• by kleinmatic (129203) on Sunday January 28, 2007 @08:21PM (#17793940) Homepage
    I'm sure few people here actually read this. I can hardly blame you -- it's long, and it's mostly just bland generalities, with the details both rare and disappointing.

    There's nothing new in the speech. She talks a lot about data breaches. Those are devastating, sure, but they're hardly an "issue." Being against data breaches offends no constituency (who *isn't* against them?) -- it's like being "tough on crime." She seems to be against a lot of things that nobody is for.

    However, she spends very little time on what most of us think of when we talk about "privacy" -- that is, the government's prohibition, under the fourth amendment, against searching us without probable cause, and without a warrant. In fact, she comes to the conclusion that the warrantless searches the Bush administration are doing are probably fine. She believes in the same odious calculation that defines rights and security as mutually exclusive constraints, that have to be "balanced."

    Rather, she only takes Bush to task for not letting congress in on the action. That is, had only Bush asked congress for "authorization" -- which would surely have been forthcoming -- everything would have been okay. "Let is in on the action," she seems to say, "and we'll make sure you get the warrants so your policies will be easier to sell to the masses." Instead of real criticism of a policy that's both illegal and that actually makes us less safe [schneier.com], we get criticism over tactics, and parochial self-interest.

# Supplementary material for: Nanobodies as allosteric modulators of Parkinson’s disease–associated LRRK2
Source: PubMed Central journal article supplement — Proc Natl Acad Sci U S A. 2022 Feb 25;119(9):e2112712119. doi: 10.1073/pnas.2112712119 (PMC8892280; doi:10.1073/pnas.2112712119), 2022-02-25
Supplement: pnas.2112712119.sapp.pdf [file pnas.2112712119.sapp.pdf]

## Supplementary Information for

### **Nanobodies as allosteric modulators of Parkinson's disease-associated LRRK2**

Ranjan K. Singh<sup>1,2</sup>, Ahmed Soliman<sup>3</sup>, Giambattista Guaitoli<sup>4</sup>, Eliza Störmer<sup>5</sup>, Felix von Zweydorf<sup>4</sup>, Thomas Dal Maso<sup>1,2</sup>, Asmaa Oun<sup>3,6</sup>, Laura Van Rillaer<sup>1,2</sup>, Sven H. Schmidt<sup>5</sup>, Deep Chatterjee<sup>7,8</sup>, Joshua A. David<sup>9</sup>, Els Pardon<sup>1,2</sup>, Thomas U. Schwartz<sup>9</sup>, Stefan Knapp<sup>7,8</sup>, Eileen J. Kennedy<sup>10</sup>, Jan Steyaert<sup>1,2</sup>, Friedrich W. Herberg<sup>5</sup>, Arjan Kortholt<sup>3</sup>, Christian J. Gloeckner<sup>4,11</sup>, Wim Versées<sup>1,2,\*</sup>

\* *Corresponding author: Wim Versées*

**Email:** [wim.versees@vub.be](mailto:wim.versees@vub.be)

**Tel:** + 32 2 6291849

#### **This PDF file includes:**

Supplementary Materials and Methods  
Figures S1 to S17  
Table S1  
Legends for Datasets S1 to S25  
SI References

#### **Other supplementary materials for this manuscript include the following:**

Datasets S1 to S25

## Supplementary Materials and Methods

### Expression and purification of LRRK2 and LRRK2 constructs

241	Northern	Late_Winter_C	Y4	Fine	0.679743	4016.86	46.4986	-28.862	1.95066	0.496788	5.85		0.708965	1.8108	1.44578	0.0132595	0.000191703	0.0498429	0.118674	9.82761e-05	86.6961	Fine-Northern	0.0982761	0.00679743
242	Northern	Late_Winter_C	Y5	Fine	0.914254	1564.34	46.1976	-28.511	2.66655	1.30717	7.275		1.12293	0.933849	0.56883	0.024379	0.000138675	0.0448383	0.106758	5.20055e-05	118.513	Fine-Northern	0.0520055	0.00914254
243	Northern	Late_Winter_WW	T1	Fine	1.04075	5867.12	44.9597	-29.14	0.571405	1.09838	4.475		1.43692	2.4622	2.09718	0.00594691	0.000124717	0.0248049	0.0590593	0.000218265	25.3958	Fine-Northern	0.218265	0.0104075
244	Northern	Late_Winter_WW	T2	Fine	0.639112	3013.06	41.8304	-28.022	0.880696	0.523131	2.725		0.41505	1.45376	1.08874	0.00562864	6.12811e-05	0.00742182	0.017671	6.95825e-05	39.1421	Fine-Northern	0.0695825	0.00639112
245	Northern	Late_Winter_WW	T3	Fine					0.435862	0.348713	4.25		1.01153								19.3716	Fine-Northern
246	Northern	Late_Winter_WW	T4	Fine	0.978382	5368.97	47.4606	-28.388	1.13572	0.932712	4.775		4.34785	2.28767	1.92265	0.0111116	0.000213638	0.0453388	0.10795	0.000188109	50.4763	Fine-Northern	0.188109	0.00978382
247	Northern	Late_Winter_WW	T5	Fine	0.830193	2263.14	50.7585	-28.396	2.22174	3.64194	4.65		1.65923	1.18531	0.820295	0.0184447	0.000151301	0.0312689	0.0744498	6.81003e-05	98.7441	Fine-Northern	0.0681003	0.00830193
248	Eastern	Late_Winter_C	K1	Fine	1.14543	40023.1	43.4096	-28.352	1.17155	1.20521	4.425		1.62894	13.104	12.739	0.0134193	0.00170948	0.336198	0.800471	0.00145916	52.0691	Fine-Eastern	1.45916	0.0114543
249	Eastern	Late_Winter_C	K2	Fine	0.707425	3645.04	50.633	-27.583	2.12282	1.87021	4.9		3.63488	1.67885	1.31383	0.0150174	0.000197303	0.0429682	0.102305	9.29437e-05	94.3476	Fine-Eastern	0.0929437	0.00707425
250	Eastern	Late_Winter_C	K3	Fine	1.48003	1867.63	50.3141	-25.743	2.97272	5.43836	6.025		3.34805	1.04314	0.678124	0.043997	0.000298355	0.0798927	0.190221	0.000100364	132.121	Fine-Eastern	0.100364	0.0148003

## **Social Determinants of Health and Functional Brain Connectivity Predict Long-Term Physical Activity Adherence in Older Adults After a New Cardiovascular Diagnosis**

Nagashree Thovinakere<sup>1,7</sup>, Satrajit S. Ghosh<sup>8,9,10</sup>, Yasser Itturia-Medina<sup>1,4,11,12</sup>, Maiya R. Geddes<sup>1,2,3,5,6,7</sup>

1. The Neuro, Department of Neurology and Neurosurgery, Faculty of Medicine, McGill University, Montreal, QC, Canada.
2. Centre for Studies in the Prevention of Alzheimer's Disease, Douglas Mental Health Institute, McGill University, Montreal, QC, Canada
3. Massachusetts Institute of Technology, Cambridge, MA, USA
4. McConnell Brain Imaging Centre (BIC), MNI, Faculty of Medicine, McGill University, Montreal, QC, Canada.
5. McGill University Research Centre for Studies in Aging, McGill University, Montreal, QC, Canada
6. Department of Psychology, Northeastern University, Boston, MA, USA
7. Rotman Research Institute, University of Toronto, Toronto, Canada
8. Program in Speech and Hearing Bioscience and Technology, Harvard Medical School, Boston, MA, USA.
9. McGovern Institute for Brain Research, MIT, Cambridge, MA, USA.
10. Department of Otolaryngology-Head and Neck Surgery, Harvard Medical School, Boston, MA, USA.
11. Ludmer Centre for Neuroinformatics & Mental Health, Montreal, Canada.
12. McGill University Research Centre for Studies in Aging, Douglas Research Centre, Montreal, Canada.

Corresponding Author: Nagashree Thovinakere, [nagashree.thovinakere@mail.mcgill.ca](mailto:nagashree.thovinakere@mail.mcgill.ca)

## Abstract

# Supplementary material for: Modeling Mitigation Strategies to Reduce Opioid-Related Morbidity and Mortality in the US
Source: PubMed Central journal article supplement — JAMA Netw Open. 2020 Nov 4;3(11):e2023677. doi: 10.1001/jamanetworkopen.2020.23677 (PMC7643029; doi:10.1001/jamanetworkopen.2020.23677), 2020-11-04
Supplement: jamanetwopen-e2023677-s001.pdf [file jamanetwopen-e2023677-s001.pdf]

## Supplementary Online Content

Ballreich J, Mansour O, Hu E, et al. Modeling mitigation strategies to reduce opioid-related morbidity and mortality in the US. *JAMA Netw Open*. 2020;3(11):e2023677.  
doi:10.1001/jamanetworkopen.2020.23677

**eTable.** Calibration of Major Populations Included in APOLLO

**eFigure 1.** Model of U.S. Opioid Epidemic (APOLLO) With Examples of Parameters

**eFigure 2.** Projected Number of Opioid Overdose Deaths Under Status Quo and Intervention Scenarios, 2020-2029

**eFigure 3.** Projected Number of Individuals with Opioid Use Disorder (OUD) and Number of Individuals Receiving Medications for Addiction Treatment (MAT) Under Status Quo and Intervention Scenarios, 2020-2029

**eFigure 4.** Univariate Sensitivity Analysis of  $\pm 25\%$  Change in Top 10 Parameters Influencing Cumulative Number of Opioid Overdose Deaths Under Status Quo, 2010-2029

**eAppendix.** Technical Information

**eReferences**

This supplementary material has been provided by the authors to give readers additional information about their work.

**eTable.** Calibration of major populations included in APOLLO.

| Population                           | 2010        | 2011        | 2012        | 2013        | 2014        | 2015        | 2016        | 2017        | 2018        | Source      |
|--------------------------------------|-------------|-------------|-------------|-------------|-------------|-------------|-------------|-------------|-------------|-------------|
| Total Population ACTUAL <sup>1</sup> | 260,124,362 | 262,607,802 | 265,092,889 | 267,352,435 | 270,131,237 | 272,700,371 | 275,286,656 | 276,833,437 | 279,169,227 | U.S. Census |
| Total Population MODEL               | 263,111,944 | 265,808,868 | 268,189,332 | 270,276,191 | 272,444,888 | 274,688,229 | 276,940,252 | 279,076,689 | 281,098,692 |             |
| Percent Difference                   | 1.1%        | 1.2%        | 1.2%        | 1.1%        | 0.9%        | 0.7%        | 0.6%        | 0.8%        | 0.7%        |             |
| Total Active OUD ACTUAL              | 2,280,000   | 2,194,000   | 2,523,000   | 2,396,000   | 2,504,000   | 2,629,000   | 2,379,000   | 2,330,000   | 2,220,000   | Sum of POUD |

The title and blurb for this are completely misleading.
    • Re: (Score:3, Insightful)

      by smellsofbikes (890263)
      >That is, had only Bush asked congress for "authorization" -- which would surely have been forthcoming -- everything would have been okay.

      I have mixed feelings about this. What Bush did was wrong, but the question is what part of it was wrong. It's not like he could go to the entire population of the United States -- or the whole world -- and say "can I spy on anyone, any time, without any given reasons?"
      If you grant that there's a reason for a government to spy on people -- and the US Constitution say
  • It's not possible for the government to provide you with health care AND protect your privacy at the same time.

The difficult we do today; the impossible takes a little longer.